In sometimes moving prose, Shawn reveals the psychological damage of having and losing a twin.

TWIN

A MEMOIR

Deeply personal memoir that also examines the mystery of autism.

Composer and pianist Shawn (Music/Bennington Coll.; Wish I Could Be There: Notes from a Phobic Life, 2007, etc.) explores the impact on his life of having a twin sister, Mary, who was sent away the summer they turned nine and who has been institutionalized ever since. While his previous memoir focused on his phobias, this one reexamines his agoraphobia, speculates on his own autistic proclivities and lays bare family secrets. (The author’s father was the famously phobic editor of the New Yorker, William Shawn, and his brother is the actor and playwright Wallace Shawn.) As Shawn examines the literature on autism and reports on his findings, the narrative also serves as a capsule history of the scientific understanding of autism. When Mary was a child, Bruno Bettelheim’s “refrigerator mother” theory of autism was still respected; today, scientists recognize the complexity and range of the autistic spectrum. The most fascinating sections of the book, however, are the personal passages about Shawn’s parents’ lives, his teen years and his discovery of music. “Mary’s absence had been left largely undiscussed and papered over in our family life,” he writes. “Something essential in me had been papered over too, and music was my one means of access to it” In a striking image, the author compares himself and Mary to binary stars, “orbiting individually but subject to each other’s gravitational pull.” Although he frequently describes Mary’s appearance, actions and speech, it is not until the penultimate chapter—in which he details a day-long visit with her at the institution in Delaware where she has spent her adult years—that Mary comes to life for the reader. However, understanding how her mind works, what she perceives about her world and what she is feeling are tasks that even her twin brother cannot accomplish.

In sometimes moving prose, Shawn reveals the psychological damage of having and losing a twin.

Pub Date: Jan. 3, 2011

ISBN: 978-0-670-02237-3

Page Count: -

Publisher: Viking

Review Posted Online: Sept. 20, 2010

Kirkus Reviews Issue: Oct. 15, 2010

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If the authors are serious, this is a silly, distasteful book. If they are not, it’s a brilliant satire.

THE 48 LAWS OF POWER

The authors have created a sort of anti-Book of Virtues in this encyclopedic compendium of the ways and means of power.

Everyone wants power and everyone is in a constant duplicitous game to gain more power at the expense of others, according to Greene, a screenwriter and former editor at Esquire (Elffers, a book packager, designed the volume, with its attractive marginalia). We live today as courtiers once did in royal courts: we must appear civil while attempting to crush all those around us. This power game can be played well or poorly, and in these 48 laws culled from the history and wisdom of the world’s greatest power players are the rules that must be followed to win. These laws boil down to being as ruthless, selfish, manipulative, and deceitful as possible. Each law, however, gets its own chapter: “Conceal Your Intentions,” “Always Say Less Than Necessary,” “Pose as a Friend, Work as a Spy,” and so on. Each chapter is conveniently broken down into sections on what happened to those who transgressed or observed the particular law, the key elements in this law, and ways to defensively reverse this law when it’s used against you. Quotations in the margins amplify the lesson being taught. While compelling in the way an auto accident might be, the book is simply nonsense. Rules often contradict each other. We are told, for instance, to “be conspicuous at all cost,” then told to “behave like others.” More seriously, Greene never really defines “power,” and he merely asserts, rather than offers evidence for, the Hobbesian world of all against all in which he insists we live. The world may be like this at times, but often it isn’t. To ask why this is so would be a far more useful project.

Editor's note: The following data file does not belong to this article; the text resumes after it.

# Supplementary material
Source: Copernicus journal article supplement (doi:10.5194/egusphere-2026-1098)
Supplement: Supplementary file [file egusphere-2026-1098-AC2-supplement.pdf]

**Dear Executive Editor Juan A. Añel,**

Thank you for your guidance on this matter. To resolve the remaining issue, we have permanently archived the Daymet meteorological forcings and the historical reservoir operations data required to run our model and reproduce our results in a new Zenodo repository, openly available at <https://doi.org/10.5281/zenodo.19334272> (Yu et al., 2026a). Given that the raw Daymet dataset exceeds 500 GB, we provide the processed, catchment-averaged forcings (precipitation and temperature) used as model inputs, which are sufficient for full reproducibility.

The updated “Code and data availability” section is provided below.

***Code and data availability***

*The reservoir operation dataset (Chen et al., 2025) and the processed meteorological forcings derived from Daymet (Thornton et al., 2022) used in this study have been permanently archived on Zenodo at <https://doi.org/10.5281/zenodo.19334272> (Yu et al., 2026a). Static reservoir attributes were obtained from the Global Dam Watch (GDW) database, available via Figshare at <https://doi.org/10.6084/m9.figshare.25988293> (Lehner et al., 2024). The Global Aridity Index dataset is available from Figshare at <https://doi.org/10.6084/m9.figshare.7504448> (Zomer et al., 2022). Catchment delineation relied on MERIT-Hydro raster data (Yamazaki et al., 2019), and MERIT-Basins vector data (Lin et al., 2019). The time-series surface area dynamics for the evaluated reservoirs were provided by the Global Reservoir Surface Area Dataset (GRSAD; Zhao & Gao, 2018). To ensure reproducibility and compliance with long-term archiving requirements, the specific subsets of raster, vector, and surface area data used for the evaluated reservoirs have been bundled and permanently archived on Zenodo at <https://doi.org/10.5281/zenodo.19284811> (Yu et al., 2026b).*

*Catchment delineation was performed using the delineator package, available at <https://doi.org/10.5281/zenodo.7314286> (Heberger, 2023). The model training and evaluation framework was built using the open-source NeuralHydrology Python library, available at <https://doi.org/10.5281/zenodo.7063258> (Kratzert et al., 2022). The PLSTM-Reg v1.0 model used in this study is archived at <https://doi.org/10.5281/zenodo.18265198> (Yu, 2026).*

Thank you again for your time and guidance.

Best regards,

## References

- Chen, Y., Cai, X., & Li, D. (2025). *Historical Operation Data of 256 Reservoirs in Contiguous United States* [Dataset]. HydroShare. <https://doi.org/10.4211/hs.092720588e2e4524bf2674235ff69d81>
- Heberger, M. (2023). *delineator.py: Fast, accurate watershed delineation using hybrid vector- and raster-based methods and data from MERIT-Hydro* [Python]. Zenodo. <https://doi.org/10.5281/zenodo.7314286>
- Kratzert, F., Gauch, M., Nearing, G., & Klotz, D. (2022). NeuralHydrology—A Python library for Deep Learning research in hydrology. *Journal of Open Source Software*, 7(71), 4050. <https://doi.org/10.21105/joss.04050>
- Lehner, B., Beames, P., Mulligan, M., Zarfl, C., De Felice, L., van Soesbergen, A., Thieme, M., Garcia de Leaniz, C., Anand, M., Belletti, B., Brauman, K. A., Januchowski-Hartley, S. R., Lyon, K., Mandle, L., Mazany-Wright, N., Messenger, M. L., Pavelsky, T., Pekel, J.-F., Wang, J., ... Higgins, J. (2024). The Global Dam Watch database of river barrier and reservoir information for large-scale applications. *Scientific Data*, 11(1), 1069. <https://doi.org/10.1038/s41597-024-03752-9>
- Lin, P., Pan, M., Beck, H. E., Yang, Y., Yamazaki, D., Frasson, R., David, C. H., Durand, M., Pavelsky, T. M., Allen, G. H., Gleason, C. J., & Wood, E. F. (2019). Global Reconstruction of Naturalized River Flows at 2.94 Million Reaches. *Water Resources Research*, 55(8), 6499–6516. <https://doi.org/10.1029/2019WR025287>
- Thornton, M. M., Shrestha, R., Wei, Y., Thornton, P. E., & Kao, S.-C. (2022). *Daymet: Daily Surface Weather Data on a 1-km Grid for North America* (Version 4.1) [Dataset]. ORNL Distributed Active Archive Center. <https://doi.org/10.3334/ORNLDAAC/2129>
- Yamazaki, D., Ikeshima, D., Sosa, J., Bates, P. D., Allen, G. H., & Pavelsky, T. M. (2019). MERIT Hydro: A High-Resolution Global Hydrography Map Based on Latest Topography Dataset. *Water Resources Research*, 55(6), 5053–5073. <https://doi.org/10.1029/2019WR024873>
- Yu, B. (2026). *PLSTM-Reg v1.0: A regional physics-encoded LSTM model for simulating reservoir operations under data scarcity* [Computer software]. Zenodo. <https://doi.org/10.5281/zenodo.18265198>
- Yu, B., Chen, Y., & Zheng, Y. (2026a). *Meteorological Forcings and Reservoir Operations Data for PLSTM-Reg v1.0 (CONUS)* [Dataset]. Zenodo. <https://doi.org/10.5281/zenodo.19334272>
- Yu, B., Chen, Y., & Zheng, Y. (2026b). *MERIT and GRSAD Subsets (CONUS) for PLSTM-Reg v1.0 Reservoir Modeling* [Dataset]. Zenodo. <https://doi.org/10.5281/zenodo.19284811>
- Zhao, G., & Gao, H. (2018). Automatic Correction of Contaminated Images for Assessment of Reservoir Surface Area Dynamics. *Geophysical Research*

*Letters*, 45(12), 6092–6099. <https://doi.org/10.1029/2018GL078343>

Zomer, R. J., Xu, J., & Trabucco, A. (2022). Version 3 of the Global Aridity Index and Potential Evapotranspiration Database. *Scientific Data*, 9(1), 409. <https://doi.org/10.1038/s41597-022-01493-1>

If the authors are serious, this is a silly, distasteful book. If they are not, it’s a brilliant satire.

Pub Date: Sept. 1, 1998

ISBN: 0-670-88146-5

Page Count: 430

Publisher: Viking

Review Posted Online: May 20, 2010

Kirkus Reviews Issue: July 15, 1998

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The author's youthfulness helps to assure the inevitable comparison with the Anne Frank diary although over and above the...

NIGHT

Elie Wiesel spent his early years in a small Transylvanian town as one of four children. 

He was the only one of the family to survive what Francois Maurois, in his introduction, calls the "human holocaust" of the persecution of the Jews, which began with the restrictions, the singularization of the yellow star, the enclosure within the ghetto, and went on to the mass deportations to the ovens of Auschwitz and Buchenwald. There are unforgettable and horrifying scenes here in this spare and sombre memoir of this experience of the hanging of a child, of his first farewell with his father who leaves him an inheritance of a knife and a spoon, and of his last goodbye at Buchenwald his father's corpse is already cold let alone the long months of survival under unconscionable conditions. 

The author's youthfulness helps to assure the inevitable comparison with the Anne Frank diary although over and above the sphere of suffering shared, and in this case extended to the death march itself, there is no spiritual or emotional legacy here to offset any reader reluctance.

Pub Date: Jan. 16, 2006

ISBN: 0374500010

Page Count: 120

Publisher: Hill & Wang

Review Posted Online: Oct. 7, 2011

Kirkus Reviews Issue: Jan. 15, 2006

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